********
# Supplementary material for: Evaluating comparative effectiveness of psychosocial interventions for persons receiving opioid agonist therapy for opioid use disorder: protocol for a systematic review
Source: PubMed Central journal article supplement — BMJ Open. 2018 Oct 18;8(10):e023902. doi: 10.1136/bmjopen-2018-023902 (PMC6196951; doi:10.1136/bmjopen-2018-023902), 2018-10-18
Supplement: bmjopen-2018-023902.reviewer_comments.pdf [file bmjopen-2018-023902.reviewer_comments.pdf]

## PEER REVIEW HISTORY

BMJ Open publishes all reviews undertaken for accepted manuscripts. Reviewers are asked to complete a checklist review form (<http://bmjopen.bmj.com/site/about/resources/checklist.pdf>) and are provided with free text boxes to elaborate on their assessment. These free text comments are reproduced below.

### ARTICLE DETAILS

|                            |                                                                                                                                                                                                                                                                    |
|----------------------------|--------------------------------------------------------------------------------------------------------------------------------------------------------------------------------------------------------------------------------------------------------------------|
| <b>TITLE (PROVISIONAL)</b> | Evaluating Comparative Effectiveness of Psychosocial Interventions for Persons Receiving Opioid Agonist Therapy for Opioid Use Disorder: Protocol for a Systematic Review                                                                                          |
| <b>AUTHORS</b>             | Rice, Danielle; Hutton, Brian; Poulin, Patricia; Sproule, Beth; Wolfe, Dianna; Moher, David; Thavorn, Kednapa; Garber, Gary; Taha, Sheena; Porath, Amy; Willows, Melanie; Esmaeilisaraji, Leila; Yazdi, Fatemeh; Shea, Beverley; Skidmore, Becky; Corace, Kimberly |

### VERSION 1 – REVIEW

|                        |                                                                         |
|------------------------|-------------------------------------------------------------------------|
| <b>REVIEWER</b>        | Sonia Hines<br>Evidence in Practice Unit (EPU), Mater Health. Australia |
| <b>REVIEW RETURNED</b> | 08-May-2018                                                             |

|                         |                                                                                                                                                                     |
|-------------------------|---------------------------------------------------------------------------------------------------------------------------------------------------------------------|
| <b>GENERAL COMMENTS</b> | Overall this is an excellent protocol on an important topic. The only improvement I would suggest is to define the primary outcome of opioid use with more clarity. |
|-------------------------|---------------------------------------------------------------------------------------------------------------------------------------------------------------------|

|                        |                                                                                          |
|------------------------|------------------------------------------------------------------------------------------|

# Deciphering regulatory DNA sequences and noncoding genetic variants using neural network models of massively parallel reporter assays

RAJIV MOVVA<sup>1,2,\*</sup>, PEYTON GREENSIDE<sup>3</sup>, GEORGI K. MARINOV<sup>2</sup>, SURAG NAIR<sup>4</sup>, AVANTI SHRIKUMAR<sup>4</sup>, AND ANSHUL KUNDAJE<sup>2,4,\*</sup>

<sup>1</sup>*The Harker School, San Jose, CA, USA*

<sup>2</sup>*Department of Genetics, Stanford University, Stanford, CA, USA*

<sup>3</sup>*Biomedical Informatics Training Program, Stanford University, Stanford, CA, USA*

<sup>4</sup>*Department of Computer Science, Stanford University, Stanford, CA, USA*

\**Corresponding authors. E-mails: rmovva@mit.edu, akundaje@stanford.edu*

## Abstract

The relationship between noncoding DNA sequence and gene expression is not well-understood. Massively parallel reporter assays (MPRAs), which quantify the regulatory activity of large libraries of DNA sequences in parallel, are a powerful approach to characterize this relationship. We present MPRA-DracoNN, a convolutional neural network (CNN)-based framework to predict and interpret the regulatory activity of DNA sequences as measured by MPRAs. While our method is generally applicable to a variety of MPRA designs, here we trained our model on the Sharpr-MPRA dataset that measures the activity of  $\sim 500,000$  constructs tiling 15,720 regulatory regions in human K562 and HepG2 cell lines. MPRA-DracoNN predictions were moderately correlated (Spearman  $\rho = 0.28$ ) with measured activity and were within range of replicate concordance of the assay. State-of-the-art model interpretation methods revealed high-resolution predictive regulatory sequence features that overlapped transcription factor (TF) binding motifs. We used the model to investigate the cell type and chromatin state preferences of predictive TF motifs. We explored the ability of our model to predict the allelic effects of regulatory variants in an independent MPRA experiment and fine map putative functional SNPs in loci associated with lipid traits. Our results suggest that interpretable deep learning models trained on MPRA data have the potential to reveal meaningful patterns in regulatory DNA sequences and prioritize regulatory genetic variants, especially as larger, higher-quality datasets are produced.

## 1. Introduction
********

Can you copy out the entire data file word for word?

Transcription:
# Supplementary material for: Evaluating comparative effectiveness of psychosocial interventions for persons receiving opioid agonist therapy for opioid use disorder: protocol for a systematic review
Source: PubMed Central journal article supplement — BMJ Open. 2018 Oct 18;8(10):e023902. doi: 10.1136/bmjopen-2018-023902 (PMC6196951; doi:10.1136/bmjopen-2018-023902), 2018-10-18
Supplement: bmjopen-2018-023902.reviewer_comments.pdf [file bmjopen-2018-023902.reviewer_comments.pdf]

## PEER REVIEW HISTORY

BMJ Open publishes all reviews undertaken for accepted manuscripts. Reviewers are asked to complete a checklist review form (<http://bmjopen.bmj.com/site/about/resources/checklist.pdf>) and are provided with free text boxes to elaborate on their assessment. These free text comments are reproduced below.

### ARTICLE DETAILS

|                            |                                                                                                                                                                                                                                                                    |
|----------------------------|--------------------------------------------------------------------------------------------------------------------------------------------------------------------------------------------------------------------------------------------------------------------|
| <b>TITLE (PROVISIONAL)</b> | Evaluating Comparative Effectiveness of Psychosocial Interventions for Persons Receiving Opioid Agonist Therapy for Opioid Use Disorder: Protocol for a Systematic Review                                                                                          |
| <b>AUTHORS</b>             | Rice, Danielle; Hutton, Brian; Poulin, Patricia; Sproule, Beth; Wolfe, Dianna; Moher, David; Thavorn, Kednapa; Garber, Gary; Taha, Sheena; Porath, Amy; Willows, Melanie; Esmaeilisaraji, Leila; Yazdi, Fatemeh; Shea, Beverley; Skidmore, Becky; Corace, Kimberly |

### VERSION 1 – REVIEW

|                        |                                                                         |
|------------------------|-------------------------------------------------------------------------|
| <b>REVIEWER</b>        | Sonia Hines<br>Evidence in Practice Unit (EPU), Mater Health. Australia |
| <b>REVIEW RETURNED</b> | 08-May-2018                                                             |

|                         |                                                                                                                                                                     |
|-------------------------|---------------------------------------------------------------------------------------------------------------------------------------------------------------------|
| <b>GENERAL COMMENTS</b> | Overall this is an excellent protocol on an important topic. The only improvement I would suggest is to define the primary outcome of opioid use with more clarity. |
|-------------------------|---------------------------------------------------------------------------------------------------------------------------------------------------------------------|

|                        |                                                                                          |
|------------------------|------------------------------------------------------------------------------------------|

# Deciphering regulatory DNA sequences and noncoding genetic variants using neural network models of massively parallel reporter assays

RAJIV MOVVA<sup>1,2,\*</sup>, PEYTON GREENSIDE<sup>3</sup>, GEORGI K. MARINOV<sup>2</sup>, SURAG NAIR<sup>4</sup>, AVANTI SHRIKUMAR<sup>4</sup>, AND ANSHUL KUNDAJE<sup>2,4,\*</sup>

<sup>1</sup>*The Harker School, San Jose, CA, USA*

<sup>2</sup>*Department of Genetics, Stanford University, Stanford, CA, USA*

<sup>3</sup>*Biomedical Informatics Training Program, Stanford University, Stanford, CA, USA*

<sup>4</sup>*Department of Computer Science, Stanford University, Stanford, CA, USA*

\**Corresponding authors. E-mails: rmovva@mit.edu, akundaje@stanford.edu*

## Abstract

The relationship between noncoding DNA sequence and gene expression is not well-understood. Massively parallel reporter assays (MPRAs), which quantify the regulatory activity of large libraries of DNA sequences in parallel, are a powerful approach to characterize this relationship. We present MPRA-DracoNN, a convolutional neural network (CNN)-based framework to predict and interpret the regulatory activity of DNA sequences as measured by MPRAs. While our method is generally applicable to a variety of MPRA designs, here we trained our model on the Sharpr-MPRA dataset that measures the activity of  $\sim 500,000$  constructs tiling 15,720 regulatory regions in human K562 and HepG2 cell lines. MPRA-DracoNN predictions were moderately correlated (Spearman  $\rho = 0.28$ ) with measured activity and were within range of replicate concordance of the assay. State-of-the-art model interpretation methods revealed high-resolution predictive regulatory sequence features that overlapped transcription factor (TF) binding motifs. We used the model to investigate the cell type and chromatin state preferences of predictive TF motifs. We explored the ability of our model to predict the allelic effects of regulatory variants in an independent MPRA experiment and fine map putative functional SNPs in loci associated with lipid traits. Our results suggest that interpretable deep learning models trained on MPRA data have the potential to reveal meaningful patterns in regulatory DNA sequences and prioritize regulatory genetic variants, especially as larger, higher-quality datasets are produced.

## 1. Introduction